James V. Shuls

A while back a colleague at UMSL approached me in the hallway. In a joking manner she asked, “Hey, why do you want to take away my pension?” A former teacher, she had heard that was my nefarious plan. We had a great conversation about unfunded liabilities and all things pension. Last week she followed up with a question. She didn’t understand how the pension system could be unfunded. When she was a teacher, she and the district each contributed to the account. She was under the impression that she could only get that money plus interest in retirement. She was greatly mistaken. In a defined-benefit pension system, retirees can receive much more in benefits than they ever contribute to the system. Indeed, benefits are essentially unlimited (for the lifetime of the retired teacher).

 You have to understand this aspect of defined-benefit pension systems when you consider the recent report, “Unaccountable and Unaffordable,” produced by the American Legislative Exchange Council. They estimate that state-administered pension plans have more than $6 trillion in unfunded liabilities. That is the difference between the amount we’ve promised workers and how much we have in the retirement accounts to pay for those promises. This figure is up $433 billion since 2016. (These figures use a risk-free discount rate.)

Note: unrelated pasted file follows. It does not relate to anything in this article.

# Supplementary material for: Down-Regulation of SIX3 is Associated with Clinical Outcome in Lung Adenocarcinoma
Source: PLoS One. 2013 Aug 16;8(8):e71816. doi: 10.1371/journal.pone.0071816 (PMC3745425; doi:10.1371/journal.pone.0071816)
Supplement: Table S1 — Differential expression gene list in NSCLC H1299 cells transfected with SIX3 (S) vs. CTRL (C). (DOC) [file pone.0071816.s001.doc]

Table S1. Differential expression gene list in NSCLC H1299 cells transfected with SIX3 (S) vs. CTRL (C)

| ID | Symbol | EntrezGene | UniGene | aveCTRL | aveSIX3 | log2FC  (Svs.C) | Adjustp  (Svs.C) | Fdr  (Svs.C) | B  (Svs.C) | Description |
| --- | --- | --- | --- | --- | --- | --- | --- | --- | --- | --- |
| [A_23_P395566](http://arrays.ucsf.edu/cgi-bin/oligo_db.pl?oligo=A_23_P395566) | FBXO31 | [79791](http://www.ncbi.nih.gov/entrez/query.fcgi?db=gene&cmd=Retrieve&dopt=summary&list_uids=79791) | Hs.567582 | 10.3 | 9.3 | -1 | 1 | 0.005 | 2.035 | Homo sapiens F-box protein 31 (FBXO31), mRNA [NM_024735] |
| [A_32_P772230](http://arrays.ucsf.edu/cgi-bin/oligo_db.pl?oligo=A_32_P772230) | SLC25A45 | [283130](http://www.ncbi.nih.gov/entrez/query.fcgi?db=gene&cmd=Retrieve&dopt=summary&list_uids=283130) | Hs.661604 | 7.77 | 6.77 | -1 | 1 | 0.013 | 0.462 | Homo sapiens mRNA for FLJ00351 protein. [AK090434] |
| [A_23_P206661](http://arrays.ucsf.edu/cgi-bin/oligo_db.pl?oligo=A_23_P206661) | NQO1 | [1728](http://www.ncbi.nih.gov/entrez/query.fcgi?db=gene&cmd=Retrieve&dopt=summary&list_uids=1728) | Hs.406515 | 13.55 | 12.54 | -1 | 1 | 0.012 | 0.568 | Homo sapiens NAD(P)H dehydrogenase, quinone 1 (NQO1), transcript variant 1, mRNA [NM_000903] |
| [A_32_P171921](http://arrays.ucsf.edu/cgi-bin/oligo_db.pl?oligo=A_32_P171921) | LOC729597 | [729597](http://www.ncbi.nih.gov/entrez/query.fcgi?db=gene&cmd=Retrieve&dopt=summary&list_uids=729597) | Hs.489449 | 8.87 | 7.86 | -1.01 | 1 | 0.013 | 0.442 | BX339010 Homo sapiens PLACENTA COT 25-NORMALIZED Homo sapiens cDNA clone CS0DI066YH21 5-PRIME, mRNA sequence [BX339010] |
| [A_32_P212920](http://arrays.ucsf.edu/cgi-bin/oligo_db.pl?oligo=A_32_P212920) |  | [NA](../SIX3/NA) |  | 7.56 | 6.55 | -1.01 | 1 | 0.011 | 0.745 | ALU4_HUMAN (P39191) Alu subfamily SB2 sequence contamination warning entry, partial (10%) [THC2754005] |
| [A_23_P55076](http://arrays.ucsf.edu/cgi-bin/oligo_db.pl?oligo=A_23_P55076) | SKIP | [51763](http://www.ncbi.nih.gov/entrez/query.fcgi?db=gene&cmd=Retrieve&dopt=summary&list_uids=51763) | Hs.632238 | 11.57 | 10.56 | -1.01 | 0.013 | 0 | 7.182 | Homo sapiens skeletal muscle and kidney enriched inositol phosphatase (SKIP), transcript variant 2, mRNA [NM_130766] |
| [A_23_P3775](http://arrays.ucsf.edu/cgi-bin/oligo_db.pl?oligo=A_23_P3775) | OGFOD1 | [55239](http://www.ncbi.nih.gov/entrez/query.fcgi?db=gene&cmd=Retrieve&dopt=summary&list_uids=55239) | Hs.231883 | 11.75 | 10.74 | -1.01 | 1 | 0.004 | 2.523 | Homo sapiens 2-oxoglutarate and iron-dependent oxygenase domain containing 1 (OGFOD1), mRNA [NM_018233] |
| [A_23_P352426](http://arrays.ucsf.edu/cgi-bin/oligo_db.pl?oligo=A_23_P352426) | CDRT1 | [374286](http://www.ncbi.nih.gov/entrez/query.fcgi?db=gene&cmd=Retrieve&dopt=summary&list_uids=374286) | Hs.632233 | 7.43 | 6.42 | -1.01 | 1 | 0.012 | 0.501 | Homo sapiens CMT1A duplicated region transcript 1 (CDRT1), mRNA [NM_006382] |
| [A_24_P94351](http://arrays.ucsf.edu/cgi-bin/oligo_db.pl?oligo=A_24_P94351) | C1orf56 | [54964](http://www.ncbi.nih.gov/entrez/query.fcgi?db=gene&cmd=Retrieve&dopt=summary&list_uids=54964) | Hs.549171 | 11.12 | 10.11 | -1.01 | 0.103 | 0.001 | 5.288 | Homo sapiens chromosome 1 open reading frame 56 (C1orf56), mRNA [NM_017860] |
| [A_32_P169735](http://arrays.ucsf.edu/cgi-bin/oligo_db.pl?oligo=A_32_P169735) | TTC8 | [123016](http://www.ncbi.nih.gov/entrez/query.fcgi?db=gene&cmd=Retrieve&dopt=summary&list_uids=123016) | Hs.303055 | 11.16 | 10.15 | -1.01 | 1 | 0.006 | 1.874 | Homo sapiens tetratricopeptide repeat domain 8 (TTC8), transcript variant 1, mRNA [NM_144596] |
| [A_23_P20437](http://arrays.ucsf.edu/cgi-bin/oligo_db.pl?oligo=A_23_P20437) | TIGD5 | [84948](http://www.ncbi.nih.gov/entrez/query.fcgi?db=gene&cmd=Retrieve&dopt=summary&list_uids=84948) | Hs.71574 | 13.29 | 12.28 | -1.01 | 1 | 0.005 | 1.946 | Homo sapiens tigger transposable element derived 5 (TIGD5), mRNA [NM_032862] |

Missouri ranks 31st in total unfunded liabilities with more than $107 billion across the state’s pension plans. This translates to $17,642 per capita. That is, each Missourian would have to pay more than $17,000 to meet the obligations we’ve already promised. Unfortunately, these liabilities look like they will keep growing.

 I don’t want to take away anything that we’ve promised to a public-sector worker, but we need to realize two things. First, pension benefits are not simply a function of how much workers contribute. Second, we must do something about these mounting unfunded liabilities. Either employees and employers must contribute more (which is asking a lot when they already contribute the equivalent of 29 percent of a teacher’s salary), we must hold down benefits, or we must move to a different system. If we don’t, these unfunded liabilities will eventually wreck Missouri’s finances.

 You can check out the full report here.


About the Author

James Shuls
James Shuls
Distinguished Fellow of Education Policy

James V. Shuls is an assistant professor of educational leadership and policy studies at the University of Missouri–St. Louis and Distinguished Fellow in Education Policy at the Show-Me Institute.